Housing policy had its origins in the experiences of the late founding prime minister Lee Kuan Yew. A student in Britain, he saw first-hand that when public housing was rented, tenants treated the property without the same level of care as owners would. Thus, early on in Singapore's public housing journey, as soon as the economic conditions permitted it, the Housing Board moved decisively to promote widespread ownership of flats, funded largely by Central Provident Fund savings. The outcome was very much as Mr Lee envisioned it. Over eight in 10 Singaporeans live in public housing today, the vast majority of whom own their flats. Public estates are well-maintained because residents with a sense of ownership over their neighbourhoods behave as owners would. None of this is rocket science. The same behavioural differences can be seen in, say, how people treat their own cars vis-a-vis a rental car.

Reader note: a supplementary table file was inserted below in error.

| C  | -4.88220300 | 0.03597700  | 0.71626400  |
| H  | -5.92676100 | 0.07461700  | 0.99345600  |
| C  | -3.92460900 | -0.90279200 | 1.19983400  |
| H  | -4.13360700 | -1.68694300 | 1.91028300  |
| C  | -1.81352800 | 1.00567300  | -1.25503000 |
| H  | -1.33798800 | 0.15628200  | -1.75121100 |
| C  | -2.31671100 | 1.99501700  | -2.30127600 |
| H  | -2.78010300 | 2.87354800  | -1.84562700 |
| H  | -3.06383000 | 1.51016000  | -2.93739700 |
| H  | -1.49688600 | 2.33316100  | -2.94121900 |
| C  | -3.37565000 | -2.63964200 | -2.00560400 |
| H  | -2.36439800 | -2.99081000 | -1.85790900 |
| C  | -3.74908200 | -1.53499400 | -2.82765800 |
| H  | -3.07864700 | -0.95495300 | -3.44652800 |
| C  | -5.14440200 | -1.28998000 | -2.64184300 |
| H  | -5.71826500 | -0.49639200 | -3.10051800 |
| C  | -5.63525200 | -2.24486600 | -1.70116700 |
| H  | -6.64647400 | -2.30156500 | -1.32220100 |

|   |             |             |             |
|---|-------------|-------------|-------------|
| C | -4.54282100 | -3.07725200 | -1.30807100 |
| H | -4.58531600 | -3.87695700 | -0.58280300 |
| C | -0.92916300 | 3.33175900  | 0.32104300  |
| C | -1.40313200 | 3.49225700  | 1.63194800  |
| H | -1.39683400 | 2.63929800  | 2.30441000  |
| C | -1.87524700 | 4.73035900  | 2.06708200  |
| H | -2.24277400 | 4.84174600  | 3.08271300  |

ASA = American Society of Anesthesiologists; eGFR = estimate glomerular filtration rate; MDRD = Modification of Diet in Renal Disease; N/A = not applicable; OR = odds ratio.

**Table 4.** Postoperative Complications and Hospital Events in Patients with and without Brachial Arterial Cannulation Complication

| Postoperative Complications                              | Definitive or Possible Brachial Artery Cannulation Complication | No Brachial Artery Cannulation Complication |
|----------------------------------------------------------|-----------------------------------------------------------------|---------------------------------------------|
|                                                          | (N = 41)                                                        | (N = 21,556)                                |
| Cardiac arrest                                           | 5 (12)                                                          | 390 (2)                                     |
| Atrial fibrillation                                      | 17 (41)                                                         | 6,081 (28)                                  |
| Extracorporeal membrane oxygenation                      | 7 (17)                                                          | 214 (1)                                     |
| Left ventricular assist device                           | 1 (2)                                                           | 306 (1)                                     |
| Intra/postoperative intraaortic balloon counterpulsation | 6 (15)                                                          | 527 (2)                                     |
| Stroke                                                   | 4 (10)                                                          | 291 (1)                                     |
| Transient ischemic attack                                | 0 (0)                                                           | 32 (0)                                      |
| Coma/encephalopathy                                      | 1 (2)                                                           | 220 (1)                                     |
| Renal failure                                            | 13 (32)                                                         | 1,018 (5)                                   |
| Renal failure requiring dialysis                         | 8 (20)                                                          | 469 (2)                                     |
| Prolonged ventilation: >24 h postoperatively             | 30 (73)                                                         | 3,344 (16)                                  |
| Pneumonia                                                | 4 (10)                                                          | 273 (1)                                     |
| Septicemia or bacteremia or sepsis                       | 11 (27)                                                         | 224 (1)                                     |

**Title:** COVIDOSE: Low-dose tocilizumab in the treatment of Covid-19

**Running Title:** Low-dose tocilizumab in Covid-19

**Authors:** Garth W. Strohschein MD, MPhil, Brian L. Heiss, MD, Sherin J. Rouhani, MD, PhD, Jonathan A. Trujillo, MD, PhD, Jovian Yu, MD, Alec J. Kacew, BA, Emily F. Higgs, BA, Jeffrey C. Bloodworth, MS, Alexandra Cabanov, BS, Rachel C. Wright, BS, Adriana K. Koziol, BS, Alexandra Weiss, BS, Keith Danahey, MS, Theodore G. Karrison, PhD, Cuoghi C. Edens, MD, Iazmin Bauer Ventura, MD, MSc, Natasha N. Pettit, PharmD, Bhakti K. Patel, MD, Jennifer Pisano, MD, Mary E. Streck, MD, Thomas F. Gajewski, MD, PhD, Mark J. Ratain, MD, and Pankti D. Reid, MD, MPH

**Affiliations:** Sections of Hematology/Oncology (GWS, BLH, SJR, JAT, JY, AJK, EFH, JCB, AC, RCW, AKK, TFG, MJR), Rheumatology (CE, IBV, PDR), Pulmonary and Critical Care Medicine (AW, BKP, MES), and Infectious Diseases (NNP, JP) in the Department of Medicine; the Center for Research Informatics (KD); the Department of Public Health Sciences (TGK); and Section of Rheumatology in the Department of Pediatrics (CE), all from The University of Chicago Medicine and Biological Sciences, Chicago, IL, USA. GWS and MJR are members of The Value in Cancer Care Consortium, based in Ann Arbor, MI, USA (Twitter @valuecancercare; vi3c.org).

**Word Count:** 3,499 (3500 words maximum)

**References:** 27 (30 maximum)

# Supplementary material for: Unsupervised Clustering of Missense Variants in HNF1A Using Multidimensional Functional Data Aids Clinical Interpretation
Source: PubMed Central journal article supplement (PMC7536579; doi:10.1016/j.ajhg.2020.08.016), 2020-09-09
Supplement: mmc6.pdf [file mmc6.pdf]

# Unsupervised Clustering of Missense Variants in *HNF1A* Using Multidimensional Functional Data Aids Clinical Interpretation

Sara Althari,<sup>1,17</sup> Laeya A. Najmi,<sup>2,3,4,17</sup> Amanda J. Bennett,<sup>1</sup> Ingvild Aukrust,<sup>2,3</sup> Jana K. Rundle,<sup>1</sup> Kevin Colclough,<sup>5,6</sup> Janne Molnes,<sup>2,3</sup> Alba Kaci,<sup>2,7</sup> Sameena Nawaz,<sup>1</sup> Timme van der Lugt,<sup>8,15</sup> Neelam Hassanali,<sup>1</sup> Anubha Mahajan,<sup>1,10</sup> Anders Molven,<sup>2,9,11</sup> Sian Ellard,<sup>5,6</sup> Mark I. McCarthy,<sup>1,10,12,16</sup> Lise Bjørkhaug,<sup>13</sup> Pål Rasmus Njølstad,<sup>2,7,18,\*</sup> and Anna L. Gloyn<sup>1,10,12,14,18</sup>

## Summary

There was a further benefit Mr Lee sought from promoting ownership. The feeling of "having a stake" extended beyond the neighbourhood to the nation. A property-owning electorate is in a very different state of mind. They seek stable, long-term growth for the country, and are prepared to fight and defend it. For a young, largely immigrant nation, this was vital, and arguably enabled other policies that secured Singapore's future, such as National Service.